If you’ve ever found yourself gastronomically disoriented by a cuisine that combines the best of Chinese, Japanese, Spanish, Italian and African flavors into one, you are most likely sitting in a Peruvian restaurant. And while the global kitchen shrinks and international flavors merge, it’s no wonder that Peruvian cooking is quickly becoming the world’s “fusion central”.
Most exported Peruvian toques tend to stick to traditional and popular drinks and dishes like Pisco Sours and Loma Saltado. But once in a while someone like Ricardo Zarate dares to stick his head out of the window and share some of the truly inspired tastes from this colorful and fascinating culture.
The concept behind Paiché (which is a really large Amazonian air-breathing fish) is Peruvian cooking with a very pronounced Japanese influence. It starts with a staggering menu of small plates that includes Sashimi’s and Ceviches, Tempuras and Tortillas and of course Wagyus and Quinoas.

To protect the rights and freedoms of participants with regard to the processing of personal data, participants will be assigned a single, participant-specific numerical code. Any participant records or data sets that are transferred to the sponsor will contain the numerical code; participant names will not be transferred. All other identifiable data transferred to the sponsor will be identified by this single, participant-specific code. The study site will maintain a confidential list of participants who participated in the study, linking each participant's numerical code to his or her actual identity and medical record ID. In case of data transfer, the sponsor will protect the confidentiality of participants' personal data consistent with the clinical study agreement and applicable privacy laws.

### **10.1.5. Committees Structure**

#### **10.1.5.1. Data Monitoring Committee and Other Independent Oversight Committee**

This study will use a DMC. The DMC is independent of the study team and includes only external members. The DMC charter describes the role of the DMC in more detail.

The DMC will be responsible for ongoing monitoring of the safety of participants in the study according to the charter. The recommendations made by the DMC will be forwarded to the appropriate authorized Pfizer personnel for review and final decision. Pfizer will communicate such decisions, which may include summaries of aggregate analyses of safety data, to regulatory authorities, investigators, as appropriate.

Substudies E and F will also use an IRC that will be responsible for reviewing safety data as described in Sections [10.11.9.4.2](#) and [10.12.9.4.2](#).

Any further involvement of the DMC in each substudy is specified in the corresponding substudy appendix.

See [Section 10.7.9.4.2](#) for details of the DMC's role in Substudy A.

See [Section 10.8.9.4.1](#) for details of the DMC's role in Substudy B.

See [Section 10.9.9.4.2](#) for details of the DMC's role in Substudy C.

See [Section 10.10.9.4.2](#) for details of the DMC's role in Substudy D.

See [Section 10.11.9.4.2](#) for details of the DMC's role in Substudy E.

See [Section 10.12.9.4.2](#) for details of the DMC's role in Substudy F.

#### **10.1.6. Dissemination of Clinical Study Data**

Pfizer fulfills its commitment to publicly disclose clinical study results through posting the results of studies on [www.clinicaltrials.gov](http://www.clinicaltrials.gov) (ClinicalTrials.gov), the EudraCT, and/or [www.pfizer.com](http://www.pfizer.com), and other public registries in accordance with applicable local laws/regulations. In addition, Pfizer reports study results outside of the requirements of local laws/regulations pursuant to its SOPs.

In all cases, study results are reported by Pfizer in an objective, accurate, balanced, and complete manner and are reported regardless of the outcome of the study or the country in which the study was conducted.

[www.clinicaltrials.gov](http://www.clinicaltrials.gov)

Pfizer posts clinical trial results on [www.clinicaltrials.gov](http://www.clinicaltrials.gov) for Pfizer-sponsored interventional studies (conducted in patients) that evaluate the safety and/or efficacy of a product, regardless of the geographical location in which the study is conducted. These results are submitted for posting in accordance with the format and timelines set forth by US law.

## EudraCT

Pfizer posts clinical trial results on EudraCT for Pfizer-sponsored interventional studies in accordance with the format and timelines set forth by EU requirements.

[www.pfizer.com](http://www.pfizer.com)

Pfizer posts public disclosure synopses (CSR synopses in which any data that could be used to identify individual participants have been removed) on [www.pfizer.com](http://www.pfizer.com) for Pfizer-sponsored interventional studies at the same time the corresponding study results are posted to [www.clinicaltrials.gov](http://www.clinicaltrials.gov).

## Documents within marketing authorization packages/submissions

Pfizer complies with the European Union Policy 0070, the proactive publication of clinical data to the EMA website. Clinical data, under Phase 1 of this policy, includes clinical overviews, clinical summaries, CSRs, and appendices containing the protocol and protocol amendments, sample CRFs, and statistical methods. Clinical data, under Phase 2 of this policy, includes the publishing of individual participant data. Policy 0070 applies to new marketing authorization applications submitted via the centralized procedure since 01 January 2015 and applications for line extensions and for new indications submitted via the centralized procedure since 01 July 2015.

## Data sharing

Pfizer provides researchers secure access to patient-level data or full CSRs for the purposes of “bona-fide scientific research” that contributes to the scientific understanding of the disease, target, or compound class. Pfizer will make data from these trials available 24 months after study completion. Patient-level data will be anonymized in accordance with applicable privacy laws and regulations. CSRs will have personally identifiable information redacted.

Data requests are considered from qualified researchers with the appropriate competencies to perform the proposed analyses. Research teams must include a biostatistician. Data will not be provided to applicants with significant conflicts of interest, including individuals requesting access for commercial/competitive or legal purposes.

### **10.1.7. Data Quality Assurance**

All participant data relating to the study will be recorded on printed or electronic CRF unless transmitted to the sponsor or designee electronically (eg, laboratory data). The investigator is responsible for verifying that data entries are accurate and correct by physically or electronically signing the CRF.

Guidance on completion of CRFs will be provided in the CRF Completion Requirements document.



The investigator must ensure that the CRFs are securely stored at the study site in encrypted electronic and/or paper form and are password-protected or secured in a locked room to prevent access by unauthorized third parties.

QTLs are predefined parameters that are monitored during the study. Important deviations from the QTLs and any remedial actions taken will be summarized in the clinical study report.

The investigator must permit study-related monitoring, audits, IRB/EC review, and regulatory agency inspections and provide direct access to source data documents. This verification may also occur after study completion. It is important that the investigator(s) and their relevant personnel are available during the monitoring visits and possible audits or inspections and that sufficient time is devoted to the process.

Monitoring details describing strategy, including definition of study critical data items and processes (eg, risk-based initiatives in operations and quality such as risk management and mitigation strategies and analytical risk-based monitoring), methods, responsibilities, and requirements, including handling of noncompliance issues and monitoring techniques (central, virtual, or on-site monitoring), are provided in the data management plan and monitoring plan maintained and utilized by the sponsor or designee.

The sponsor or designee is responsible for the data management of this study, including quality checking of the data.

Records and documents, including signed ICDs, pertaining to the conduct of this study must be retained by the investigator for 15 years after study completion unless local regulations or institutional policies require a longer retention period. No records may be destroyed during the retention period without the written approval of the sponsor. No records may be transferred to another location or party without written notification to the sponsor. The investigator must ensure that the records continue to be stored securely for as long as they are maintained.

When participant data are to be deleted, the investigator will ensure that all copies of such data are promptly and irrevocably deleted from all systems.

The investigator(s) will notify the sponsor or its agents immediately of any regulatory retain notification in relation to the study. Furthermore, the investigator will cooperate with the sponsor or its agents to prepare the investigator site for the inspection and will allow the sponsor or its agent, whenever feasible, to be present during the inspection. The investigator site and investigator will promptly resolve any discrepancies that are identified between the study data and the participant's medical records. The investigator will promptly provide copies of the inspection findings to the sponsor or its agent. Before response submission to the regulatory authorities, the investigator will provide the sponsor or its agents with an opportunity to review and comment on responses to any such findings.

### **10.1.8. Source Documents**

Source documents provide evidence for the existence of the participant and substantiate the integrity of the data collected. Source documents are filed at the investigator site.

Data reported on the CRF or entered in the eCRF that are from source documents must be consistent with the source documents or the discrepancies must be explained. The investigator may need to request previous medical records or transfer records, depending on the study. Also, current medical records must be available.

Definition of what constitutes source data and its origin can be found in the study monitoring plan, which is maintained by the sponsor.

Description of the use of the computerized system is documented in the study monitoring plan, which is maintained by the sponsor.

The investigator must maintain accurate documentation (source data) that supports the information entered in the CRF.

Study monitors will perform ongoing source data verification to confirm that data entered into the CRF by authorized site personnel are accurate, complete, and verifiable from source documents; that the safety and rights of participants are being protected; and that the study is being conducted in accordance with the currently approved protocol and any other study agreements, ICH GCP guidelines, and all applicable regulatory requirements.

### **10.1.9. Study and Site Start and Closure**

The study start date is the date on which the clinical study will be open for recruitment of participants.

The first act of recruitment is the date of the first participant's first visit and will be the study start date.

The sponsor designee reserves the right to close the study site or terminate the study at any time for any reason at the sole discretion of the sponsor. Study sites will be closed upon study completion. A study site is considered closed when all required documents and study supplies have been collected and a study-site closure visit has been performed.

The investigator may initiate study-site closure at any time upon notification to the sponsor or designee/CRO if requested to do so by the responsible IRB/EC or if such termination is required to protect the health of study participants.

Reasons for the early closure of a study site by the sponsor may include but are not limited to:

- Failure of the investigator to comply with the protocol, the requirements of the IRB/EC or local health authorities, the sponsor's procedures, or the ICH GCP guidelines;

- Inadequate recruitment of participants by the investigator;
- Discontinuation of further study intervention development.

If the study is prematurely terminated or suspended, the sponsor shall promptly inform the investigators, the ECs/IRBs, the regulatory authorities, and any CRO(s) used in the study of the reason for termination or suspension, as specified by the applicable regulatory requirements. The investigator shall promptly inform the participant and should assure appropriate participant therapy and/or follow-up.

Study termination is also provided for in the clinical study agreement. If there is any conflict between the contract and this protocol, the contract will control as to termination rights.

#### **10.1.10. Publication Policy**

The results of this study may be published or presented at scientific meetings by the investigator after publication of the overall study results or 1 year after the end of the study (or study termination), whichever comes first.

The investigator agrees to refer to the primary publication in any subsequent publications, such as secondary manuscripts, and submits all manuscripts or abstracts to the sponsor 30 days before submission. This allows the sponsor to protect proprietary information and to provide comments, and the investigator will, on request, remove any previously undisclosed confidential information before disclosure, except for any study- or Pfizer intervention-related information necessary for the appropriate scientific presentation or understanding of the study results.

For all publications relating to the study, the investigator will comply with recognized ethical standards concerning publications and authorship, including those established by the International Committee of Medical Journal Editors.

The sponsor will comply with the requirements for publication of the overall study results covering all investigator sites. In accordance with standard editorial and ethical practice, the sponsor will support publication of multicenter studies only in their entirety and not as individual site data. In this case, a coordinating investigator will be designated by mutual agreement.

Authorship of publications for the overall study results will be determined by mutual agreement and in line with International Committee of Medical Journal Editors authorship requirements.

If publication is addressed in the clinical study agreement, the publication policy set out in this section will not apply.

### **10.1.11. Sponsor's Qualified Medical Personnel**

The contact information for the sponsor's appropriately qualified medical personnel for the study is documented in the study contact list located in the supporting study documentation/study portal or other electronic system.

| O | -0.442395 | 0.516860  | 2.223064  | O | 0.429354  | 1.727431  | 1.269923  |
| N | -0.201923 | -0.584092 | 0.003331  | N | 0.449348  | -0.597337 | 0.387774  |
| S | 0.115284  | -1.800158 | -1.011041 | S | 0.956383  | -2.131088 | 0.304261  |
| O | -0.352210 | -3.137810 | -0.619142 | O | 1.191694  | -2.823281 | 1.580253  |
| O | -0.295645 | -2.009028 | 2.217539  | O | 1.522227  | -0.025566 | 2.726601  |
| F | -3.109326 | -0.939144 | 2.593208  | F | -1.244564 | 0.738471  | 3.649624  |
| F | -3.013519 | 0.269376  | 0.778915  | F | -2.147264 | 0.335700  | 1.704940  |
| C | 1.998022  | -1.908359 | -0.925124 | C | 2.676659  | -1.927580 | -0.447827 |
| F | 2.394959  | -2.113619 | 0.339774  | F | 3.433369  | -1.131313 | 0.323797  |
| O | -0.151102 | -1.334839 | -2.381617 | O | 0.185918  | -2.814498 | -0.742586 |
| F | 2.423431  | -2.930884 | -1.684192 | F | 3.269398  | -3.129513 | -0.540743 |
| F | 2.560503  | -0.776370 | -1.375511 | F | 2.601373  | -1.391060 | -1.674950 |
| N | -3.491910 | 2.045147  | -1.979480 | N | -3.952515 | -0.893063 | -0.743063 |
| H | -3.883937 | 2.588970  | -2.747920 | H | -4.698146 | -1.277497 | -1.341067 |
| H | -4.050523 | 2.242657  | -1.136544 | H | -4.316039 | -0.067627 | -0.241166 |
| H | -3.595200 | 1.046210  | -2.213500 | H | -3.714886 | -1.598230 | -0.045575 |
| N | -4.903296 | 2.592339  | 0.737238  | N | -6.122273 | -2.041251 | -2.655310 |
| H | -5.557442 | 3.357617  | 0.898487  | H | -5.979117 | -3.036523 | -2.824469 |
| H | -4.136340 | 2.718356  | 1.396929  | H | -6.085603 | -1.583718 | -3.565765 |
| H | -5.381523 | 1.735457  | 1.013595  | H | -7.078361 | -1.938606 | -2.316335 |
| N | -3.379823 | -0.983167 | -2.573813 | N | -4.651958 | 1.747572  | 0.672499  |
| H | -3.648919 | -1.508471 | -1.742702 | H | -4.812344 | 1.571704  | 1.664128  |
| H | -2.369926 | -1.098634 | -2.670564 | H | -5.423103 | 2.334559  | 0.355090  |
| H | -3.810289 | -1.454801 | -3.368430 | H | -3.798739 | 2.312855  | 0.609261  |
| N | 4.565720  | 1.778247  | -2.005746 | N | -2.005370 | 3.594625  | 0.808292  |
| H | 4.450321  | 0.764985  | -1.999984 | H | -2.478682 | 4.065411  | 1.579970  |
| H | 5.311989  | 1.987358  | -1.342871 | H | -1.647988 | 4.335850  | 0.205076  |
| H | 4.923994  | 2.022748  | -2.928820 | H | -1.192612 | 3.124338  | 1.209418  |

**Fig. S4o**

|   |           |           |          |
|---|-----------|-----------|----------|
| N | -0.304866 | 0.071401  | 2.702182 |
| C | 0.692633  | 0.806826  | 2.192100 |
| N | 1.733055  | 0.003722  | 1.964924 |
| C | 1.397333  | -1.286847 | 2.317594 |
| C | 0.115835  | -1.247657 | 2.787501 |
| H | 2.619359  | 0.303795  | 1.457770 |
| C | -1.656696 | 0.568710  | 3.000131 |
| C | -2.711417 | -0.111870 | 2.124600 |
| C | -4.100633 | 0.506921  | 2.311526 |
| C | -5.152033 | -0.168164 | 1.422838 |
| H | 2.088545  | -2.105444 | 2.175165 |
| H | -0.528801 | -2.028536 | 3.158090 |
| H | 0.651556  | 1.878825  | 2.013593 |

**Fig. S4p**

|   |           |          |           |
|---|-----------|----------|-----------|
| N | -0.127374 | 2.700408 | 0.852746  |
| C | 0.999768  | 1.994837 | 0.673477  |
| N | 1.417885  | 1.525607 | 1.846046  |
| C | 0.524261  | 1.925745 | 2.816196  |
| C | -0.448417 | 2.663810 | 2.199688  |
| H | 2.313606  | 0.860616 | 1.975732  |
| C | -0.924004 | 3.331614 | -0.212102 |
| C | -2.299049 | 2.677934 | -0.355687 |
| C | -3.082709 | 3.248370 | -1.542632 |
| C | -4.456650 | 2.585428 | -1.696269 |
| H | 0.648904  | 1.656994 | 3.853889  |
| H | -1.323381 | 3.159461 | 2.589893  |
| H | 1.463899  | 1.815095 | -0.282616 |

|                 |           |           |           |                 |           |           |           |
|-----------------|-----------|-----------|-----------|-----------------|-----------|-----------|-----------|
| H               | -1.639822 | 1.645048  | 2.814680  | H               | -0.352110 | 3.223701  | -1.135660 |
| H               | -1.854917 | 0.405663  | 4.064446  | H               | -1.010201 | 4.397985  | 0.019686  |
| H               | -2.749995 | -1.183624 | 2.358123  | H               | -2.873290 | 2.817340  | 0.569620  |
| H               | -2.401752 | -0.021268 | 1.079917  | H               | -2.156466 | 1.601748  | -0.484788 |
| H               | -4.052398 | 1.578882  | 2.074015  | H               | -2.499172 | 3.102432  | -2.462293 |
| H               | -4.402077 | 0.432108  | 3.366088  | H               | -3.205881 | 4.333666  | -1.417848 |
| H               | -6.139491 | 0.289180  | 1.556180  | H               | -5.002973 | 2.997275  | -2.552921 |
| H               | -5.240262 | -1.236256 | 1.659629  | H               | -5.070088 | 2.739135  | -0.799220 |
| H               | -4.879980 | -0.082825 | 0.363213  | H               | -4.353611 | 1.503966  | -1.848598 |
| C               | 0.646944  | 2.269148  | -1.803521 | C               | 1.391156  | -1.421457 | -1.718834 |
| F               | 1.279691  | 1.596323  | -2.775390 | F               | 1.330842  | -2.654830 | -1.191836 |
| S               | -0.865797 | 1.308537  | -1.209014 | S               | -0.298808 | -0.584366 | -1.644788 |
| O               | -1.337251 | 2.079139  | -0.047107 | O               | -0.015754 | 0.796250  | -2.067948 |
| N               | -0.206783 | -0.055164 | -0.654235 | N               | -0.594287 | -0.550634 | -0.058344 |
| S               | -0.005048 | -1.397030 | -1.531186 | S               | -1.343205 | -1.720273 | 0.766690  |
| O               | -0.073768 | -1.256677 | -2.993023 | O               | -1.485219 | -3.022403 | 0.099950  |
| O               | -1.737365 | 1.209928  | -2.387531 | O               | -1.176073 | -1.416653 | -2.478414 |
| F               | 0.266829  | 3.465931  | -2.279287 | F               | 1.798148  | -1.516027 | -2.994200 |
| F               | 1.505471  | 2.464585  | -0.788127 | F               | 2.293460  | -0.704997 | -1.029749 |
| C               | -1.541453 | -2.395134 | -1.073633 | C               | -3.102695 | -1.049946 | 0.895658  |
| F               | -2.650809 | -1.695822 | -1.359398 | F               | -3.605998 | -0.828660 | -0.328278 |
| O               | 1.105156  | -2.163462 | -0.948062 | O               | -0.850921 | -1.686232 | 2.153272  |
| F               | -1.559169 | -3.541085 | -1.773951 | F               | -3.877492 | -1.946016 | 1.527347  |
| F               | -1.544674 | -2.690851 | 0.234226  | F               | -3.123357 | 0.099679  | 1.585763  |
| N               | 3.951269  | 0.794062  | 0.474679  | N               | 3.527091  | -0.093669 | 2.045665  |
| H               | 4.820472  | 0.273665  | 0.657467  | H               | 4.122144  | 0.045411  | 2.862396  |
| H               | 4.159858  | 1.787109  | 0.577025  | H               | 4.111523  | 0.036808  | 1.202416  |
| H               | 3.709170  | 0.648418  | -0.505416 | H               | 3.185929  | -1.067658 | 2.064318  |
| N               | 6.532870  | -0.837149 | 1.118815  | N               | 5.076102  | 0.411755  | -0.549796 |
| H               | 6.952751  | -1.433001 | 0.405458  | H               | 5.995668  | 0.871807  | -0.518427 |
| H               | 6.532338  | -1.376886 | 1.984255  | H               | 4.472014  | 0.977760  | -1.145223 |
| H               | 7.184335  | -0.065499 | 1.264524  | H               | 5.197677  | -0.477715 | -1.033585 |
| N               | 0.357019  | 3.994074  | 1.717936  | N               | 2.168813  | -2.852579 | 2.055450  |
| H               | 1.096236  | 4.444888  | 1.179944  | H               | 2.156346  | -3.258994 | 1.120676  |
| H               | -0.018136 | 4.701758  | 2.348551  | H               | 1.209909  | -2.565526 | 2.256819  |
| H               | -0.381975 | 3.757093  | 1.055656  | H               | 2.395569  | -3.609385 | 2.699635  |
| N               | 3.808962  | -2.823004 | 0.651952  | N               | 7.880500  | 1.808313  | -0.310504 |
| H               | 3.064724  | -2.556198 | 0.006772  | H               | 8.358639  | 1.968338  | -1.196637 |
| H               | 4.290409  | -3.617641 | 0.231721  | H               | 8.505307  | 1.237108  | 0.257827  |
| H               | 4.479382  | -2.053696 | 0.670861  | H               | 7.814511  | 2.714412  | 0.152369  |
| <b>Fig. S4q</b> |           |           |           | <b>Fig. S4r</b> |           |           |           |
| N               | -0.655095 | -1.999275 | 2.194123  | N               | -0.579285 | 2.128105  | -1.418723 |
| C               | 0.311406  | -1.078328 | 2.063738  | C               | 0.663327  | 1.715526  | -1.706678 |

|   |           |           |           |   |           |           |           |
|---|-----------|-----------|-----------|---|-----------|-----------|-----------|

The Pisco-heavy cocktail list is tremendous, cementing Zarate’s intent to create a Marina Del Rey based Izakaya bar. The Sea Bass Ceviche is as traditionally zesty as it gets, but is layered slightly above the Leche de Tigre (Tiger’s milk) so as not to overpower the delicate flavor of the fish. The signature Paiché comes fried to a sharp crisp and the accompanying Aji Amarillo (ubiquitous Yellow Chili) aioli is delightfully refreshing.
The Soltado de Camarones is one of the many departures from convention, where gift-wrapping-wide homemade ribbon noodles accompany the sautéed shrimp in a familiar, yet creamier Lomo Saltado sauce.
The Niman Ranch Pork Belly is a wonderful kaleidoscope of extremes, from the soft squash puree to the crispy pork crackling – and just about every texture in between.
But the Uni Shrimp Toast is worth every hour of inching through Friday afternoon traffic on the 405. Starting with a butter and shrimp paste-soaked crust, layer upon layer of goodness and sweetness from pickles to honey is finally topped with fresh Sea Urchin and chili sauce. Its like a song that you just can’t (and don’t really want to) get out of your head.